“Programmes like this are pivotal to ensuring the North East continues to lead the way in product, process and technology innovation – and we can’t stress enough how important it is that manufacturers get on board before this phase of support ends.

“There is only a set amount of time and technical support available, as well as very limited grant funds remaining, therefore – following the huge success – registration as soon as possible is highly recommended.”

Enabling brands to bring the of their garments home to the UK has proven the perfect fit for a fast-growing clothing manufacturer.

‘Made in Britain’ commitment leaves clothing manufacturer fighting fit

Enabling brands to bring the of their garments home to the UK has proven the perfect fit for a fast-growing clothing manufacturer.

Studio 54 Jesmond has unveiled plans to double its output and create three new jobs, following a period of significant growth.

Founded by fashion entrepreneur Amy Fettis, the Jesmond-based firm samples and manufactures athleisure clothing and accessories for brands across the UK and international clients.

Fusing activewear and loungewear, the athleisure market grew 84% during the first year of the pandemic, however mass supply chain disruption brought about by travel restrictions led to a dearth of produce for brands across the UK.

This led the forward-thinking entrepreneur, who had previously run her own athleisure clothing brand, to launch her own dedicated manufacturing business in 2020, bringing the production of goods onshore to the UK.

“Traditionally, the vast majority of athleisure products have been produced overseas and the pandemic really highlighted the dangers of this,” she said.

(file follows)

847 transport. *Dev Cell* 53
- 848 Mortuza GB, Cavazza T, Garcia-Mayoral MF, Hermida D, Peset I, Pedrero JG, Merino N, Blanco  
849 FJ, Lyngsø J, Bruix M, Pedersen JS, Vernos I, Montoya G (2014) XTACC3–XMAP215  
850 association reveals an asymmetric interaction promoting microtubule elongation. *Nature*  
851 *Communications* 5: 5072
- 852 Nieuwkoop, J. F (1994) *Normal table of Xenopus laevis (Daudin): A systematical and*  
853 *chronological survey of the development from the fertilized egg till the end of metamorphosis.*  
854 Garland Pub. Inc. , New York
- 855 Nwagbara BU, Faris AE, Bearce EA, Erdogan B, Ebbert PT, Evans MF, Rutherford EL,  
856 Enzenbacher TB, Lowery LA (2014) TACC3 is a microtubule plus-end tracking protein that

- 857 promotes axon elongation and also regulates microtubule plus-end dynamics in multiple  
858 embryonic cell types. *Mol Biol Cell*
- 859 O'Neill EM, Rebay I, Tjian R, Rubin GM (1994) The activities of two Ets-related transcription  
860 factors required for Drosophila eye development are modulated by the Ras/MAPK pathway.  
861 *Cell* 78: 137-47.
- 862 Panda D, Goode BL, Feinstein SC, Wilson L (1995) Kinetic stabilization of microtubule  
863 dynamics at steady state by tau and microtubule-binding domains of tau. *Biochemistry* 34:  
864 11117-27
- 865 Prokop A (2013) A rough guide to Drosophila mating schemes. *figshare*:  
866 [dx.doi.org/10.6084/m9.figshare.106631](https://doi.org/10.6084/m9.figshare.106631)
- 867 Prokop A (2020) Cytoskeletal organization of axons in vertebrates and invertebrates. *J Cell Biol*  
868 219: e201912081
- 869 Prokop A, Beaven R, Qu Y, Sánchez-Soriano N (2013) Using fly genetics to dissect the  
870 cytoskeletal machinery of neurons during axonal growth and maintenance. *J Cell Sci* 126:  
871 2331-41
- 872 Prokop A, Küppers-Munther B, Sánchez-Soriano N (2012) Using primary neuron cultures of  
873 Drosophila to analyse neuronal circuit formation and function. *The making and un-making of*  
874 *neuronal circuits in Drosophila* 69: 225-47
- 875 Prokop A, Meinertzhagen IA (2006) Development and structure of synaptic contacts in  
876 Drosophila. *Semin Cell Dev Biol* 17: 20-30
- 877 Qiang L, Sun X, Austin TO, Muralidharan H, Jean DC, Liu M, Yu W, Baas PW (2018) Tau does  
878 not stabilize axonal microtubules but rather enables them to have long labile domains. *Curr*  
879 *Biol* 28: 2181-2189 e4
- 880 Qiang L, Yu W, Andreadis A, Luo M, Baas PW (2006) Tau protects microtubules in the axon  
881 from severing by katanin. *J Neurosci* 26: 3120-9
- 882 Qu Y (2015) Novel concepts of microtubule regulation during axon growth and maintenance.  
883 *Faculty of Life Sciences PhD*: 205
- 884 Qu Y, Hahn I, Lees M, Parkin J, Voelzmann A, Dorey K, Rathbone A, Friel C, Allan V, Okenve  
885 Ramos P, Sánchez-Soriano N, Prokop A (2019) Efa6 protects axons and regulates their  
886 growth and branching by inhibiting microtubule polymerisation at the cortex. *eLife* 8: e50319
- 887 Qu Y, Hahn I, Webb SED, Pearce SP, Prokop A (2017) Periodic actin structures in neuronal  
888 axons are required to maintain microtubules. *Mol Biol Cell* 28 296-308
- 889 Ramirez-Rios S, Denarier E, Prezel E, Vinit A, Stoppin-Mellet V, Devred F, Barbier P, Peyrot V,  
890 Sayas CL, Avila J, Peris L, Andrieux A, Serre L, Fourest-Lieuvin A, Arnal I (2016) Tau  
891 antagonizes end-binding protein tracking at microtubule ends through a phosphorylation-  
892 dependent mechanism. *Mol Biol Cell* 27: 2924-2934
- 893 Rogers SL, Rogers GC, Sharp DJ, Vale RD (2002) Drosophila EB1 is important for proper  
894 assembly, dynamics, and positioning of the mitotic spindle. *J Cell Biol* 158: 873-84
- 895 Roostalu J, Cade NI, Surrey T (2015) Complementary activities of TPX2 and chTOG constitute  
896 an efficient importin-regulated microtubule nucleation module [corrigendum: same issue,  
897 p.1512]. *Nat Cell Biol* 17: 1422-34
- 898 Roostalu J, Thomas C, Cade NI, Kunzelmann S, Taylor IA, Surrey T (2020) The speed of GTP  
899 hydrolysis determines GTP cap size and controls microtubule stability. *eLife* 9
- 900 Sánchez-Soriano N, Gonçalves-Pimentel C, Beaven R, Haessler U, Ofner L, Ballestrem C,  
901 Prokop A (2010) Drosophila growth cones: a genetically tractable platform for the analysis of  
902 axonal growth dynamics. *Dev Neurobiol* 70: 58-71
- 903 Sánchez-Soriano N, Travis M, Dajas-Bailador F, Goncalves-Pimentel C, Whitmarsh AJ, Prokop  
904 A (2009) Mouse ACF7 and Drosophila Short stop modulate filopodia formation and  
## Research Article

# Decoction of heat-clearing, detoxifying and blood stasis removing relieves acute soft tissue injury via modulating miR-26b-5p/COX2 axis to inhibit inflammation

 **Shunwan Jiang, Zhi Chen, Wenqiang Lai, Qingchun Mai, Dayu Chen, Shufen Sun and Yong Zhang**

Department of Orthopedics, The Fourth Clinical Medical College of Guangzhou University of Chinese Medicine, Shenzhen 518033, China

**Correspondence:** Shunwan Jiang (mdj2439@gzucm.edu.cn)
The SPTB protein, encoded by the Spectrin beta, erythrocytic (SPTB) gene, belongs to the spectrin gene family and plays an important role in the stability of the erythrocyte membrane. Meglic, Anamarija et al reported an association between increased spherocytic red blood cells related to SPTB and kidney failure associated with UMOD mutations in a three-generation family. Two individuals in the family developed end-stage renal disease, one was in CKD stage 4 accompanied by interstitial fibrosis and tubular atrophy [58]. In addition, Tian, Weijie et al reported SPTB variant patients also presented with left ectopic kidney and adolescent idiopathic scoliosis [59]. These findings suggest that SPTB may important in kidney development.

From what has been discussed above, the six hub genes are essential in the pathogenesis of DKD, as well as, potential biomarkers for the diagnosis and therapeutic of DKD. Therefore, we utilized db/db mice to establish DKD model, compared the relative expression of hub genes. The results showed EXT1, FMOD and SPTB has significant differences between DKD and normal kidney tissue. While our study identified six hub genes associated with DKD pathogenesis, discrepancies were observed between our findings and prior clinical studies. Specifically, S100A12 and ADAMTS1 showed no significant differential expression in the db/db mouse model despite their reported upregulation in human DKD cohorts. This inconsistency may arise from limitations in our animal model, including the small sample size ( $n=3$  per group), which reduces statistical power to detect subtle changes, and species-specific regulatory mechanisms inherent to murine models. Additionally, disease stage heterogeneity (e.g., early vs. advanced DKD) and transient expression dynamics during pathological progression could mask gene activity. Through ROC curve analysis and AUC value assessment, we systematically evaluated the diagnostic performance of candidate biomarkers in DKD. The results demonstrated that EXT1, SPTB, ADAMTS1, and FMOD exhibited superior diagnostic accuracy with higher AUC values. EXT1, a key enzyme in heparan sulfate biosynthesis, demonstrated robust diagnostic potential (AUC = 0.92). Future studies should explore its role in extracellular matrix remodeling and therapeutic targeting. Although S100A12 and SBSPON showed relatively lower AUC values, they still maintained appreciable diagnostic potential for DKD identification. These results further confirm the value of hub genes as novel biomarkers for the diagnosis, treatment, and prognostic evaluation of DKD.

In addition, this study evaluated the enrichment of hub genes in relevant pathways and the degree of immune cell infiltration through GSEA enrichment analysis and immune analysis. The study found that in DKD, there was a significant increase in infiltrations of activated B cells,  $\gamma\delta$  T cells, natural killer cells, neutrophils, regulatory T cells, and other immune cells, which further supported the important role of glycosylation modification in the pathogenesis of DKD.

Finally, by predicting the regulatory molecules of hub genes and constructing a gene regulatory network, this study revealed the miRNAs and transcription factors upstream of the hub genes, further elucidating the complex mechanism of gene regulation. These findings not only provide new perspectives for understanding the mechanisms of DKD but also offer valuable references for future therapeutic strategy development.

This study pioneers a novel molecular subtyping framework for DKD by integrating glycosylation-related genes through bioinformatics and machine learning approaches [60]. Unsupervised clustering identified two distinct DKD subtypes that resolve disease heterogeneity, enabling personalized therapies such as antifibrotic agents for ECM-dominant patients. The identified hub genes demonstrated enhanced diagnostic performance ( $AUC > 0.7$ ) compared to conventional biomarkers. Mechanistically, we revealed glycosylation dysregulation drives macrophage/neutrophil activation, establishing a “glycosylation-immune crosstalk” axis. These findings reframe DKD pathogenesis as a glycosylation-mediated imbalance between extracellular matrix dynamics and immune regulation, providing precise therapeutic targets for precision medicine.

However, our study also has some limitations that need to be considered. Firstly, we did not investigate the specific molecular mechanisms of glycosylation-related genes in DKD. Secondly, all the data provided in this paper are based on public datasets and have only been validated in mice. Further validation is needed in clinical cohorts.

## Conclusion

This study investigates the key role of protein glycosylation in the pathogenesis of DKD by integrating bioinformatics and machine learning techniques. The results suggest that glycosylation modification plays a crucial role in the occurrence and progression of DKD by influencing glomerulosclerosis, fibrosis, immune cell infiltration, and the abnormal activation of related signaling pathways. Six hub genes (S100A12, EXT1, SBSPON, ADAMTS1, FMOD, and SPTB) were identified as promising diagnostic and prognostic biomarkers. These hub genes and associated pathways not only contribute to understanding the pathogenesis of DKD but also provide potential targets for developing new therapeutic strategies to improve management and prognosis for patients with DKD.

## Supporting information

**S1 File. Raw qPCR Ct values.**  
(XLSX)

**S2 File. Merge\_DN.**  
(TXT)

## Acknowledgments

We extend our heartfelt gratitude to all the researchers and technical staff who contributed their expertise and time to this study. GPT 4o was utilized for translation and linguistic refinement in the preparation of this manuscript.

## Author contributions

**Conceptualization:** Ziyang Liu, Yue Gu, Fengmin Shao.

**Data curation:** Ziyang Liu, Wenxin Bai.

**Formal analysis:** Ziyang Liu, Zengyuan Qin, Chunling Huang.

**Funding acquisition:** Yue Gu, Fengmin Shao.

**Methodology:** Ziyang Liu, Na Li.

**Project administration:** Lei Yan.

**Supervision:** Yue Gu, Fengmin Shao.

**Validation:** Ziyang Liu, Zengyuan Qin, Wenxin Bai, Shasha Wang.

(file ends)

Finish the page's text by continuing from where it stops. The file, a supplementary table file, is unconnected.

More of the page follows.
“As supply chains the world-over had their fragilities exposed by travel restrictions, companies who had safeguarded their supply by embracing sustainability and locally sourcing their products saw their efforts really bear fruit.

“It also led to more businesses embracing the idea of onshoring, which is where we have really benefited. Since restrictions were lifted, we’ve continued to see our business grow significantly and the rising demand for our products is showing no signs of slowing down.”

Based in a converted townhouse in the centre of Jesmond, Studio 54 offers bespoke sampling, development and small batch clothing production, which has made it a supplier of choice for independent and start-up fashion houses across the UK.

And having recently been backed by a venture capital fund and the £10.9 million Sustainable Advanced Manufacturing (SAM) Project at the University of Sunderland, the company has unveiled ambitious plans for the future.

“Entering into a joint venture with our VC partner, as well as the grant funding and support from SAM, has really allowed us to focus on growing the business,” she added.

“Over the coming months, the grant from SAM will see us invest in a suite of new industrial sewing machines and the VC support will see us create three new jobs as we continue to scale the business.

“We also plan to establish an off-site production facility next year too. Some clients are coming back with repeat orders and we don’t see this slowing down, so this will allow us to create bigger runs, which in turn will enable us to work with bigger brands.”

As well as helping Studio 54 Jesmond purchase new machinery, the support from SAM has also helped the company improve the quality of its products and identify other areas of the business that could be improved.

Amy said: “The SAM Project has helped us identify areas of our business that could be improved from the outset and improve our detailing. They have also introduced us to people in the industry and have kept us in mind when opportunities have arisen that could benefit us.

“They’re one of the only organisations that I know that are manufacturing focused and I think there’s a huge gap in the UK for organisations like this. So much offshoring has happened in the last 20 years and to have that dedicated support for manufacturers like us – who want to really champion UK manufacturing – is so valuable.”

The Sustainable Advanced Manufacturing (SAM) Project is a £10.9m collaboration between the European Regional Development Fund (ERDF), the University of Sunderland and the Northern Powerhouse Initiative and Industry, supporting SME manufacturers in the North-East Local Enterprise Partnership (NE LEP) area to improve their products or processes and introduce new technology.

Roger O’Brien, Project & Technical Lead at the SAM Project, “It’s been great working with Amy and the team at Studio 54 Jesmond to improve their means of production and make the business more sustainable.